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Sudoku Fans Compete for First U.S. Title

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Players of the Japanese numbers game will square off this weekend in the Philadelphia Inquirer Sudoku National Championship. Puzzle master Will Shortz sets the scene.


Luke, there are two different kind of people in this world, you know, the dog people and the cat people, the red wine people and the white wine people, the Sudoku people and the crossword people.

I think I know where you stand on that.


Hung-over people?

(Soundbite of laughter)

BURBANK: I got no energy for that - Sunday, Saturday morning.

STEWART: Stuff - I kind of like both.

BURBANK: Really?

STEWART: Yes, I've been converted a little bit. And for people who aren't really familiar with Sudoku, it became a really big craze in '05 and a lot of people doing Sudoku books every time we're on the subway. I was taught how to do it by three kids, 10, 11 and 12 who schooled me in a bad way.

Maybe they could take part in the first ever U.S. Sudoku Championship. It's happening in Philadelphia and one of our own is involved.

WEEKEND EDITION's puzzle master Will Shortz.

WILL SHORTZ: Hey there.

STEWART: Also New York Times crossword editor. Thank you so much for joining us. So you are going to be the host of this big Philadelphia Inquirer Sudoku National Championship?

SHORTZ: That's right. It takes place tomorrow at the Pennsylvania Convention Center in downtown Philadelphia. Starts at 11 o'clock, goes through the afternoon. They're expecting about a thousand contestants. There's two 8-year-olds who are competing - registered to compete. And the oldest so far is 83. And there's a $10,000 grand prize.

STEWART: Literally, fun for all ages. Hey, for people who are like, what is this language they're talking about - the Sudoku thing? Can you briefly explain it?

SHORTZ: Yeah, it's in almost every newspaper except my own, the New York Times, but it's in virtually every other newspaper. And it's a - it's a little number puzzle, nine-by-nine grid. The object is to fill the grid - fill the squares in the grid so that every row, every column, and each three-by-three box contains all the digits from one to nine without repeating.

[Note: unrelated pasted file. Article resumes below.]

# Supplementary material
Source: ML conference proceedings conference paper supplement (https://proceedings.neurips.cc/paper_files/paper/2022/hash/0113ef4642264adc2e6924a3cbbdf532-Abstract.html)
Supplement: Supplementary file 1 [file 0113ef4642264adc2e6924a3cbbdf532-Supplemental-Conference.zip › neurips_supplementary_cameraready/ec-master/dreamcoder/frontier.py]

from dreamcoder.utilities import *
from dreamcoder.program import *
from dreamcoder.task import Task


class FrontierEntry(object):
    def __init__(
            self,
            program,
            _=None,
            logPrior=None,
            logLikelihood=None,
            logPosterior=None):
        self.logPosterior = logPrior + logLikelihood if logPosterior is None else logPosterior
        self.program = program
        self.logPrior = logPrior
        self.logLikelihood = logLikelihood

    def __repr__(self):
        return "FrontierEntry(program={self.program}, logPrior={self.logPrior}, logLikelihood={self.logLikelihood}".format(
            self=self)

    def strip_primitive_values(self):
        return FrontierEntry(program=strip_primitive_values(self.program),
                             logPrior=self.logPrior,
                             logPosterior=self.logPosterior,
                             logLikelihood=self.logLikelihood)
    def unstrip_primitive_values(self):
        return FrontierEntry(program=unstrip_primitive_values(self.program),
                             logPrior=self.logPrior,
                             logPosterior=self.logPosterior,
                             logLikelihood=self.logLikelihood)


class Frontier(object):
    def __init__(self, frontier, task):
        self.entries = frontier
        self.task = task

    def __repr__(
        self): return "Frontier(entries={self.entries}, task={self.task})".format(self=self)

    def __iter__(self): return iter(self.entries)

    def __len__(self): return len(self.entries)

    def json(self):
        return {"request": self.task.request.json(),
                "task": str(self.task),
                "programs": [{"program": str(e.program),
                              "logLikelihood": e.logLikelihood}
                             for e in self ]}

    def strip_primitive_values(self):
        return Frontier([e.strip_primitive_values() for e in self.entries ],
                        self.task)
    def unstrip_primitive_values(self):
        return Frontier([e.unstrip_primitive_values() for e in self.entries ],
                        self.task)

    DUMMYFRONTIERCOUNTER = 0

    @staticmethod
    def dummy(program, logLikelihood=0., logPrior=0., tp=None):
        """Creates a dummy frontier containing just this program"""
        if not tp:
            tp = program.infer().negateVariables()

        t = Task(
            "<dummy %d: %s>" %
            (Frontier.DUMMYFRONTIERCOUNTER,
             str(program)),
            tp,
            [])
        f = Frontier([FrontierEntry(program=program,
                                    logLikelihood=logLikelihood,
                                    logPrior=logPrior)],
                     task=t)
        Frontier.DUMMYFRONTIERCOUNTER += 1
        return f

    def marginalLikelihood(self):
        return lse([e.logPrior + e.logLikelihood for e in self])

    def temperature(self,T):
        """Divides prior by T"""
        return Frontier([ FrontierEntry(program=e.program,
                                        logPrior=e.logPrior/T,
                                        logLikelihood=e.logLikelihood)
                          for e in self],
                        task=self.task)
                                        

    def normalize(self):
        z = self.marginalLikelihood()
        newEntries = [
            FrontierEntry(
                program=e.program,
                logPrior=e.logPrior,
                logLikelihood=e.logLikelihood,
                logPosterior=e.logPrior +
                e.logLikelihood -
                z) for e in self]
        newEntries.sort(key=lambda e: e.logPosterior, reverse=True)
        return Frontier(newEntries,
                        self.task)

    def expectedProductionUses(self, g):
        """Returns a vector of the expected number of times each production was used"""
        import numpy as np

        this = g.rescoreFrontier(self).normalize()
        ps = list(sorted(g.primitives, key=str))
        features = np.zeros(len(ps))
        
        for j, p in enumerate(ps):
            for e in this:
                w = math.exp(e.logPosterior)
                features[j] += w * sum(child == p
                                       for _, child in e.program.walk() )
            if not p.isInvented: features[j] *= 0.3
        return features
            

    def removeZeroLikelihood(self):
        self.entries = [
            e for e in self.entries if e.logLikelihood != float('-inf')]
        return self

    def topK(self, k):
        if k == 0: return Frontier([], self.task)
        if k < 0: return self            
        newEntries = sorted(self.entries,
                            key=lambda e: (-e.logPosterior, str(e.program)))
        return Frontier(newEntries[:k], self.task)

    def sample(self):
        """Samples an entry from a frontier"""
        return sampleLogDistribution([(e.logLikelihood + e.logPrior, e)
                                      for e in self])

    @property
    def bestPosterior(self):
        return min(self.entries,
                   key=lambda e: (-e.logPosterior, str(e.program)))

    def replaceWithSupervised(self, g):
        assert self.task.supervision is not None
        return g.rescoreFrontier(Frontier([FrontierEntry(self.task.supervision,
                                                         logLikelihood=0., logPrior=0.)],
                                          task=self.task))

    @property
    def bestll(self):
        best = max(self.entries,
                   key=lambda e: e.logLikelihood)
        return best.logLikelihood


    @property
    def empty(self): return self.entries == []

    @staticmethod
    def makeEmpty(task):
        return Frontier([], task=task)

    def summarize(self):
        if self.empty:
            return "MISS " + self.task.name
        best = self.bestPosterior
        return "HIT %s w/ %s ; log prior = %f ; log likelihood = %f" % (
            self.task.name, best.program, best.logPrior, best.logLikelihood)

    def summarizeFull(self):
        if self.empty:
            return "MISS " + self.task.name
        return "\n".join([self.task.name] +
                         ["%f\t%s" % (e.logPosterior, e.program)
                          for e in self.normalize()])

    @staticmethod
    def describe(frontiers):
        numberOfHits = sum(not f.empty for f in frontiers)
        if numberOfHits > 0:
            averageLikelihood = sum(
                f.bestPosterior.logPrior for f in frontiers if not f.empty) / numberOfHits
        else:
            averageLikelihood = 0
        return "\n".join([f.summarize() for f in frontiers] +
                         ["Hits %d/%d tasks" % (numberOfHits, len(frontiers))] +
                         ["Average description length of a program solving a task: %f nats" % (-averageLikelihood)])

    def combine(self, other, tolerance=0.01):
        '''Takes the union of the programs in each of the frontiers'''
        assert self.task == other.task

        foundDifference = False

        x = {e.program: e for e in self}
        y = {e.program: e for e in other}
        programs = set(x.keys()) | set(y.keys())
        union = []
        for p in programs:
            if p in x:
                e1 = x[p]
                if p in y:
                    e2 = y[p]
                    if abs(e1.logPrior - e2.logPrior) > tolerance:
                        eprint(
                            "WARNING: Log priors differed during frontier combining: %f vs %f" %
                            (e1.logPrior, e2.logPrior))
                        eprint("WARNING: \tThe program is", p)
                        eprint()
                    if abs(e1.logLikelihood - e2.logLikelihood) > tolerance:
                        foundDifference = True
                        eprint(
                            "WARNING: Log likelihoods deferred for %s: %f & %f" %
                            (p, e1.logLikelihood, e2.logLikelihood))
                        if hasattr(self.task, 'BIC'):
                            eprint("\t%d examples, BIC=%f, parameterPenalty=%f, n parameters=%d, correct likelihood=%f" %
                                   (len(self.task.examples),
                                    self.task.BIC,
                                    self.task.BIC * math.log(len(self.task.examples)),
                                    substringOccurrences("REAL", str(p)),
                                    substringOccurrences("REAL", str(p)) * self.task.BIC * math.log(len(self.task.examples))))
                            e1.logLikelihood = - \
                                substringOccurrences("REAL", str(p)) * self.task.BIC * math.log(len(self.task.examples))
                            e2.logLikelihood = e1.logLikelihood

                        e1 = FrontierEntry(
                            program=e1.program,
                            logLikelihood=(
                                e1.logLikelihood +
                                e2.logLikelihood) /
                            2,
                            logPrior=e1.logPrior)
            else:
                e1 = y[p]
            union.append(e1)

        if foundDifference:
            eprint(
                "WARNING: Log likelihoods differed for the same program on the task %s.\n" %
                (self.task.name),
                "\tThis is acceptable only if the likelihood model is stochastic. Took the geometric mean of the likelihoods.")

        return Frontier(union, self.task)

There's no mathematics involved, it's a pure logic challenge. And, you know, the traditional wisdom was - conventional wisdom was, a number puzzle would never be popular. And this one is as popular as crosswords now and I think it's with us forever.

STEWART: How are you feeling about that?

BURBANK: Yeah, is Sudoku the Facebook to your MySpace, Will, with the crossword stuff?

(Soundbite of laughter)

SHORTZ: I'm crazy about it. I'm one of those people who is crazy about both. And the two puzzles exercise different parts of the brain. Crosswords connect with real life. You have to know vocabulary and all sorts of facts on everything. With Sudoku, you don't have to know anything. It's a pure logic challenge. And each of them has its own appeal.

BURBANK: I'm sure this is going to create a raft of e-mails, Will, angry that I even ask this question. But I've played - I've done Sudoku, played it, whatever, filled it out a few times, and it's kind of - I really like crossword puzzles because to me, each one is sort of different and there's language involved, as you said. It's a little bit of a mystery you're solving. I feel like - how interesting is that - this time it's an eight, but the other time it was a six.

(Soundbite of laughter)

BURBANK: I mean, what is it - but I mean, there's no argument with the popularity of it. How is it that this is still new and interesting when people do hundreds and hundreds of these puzzles?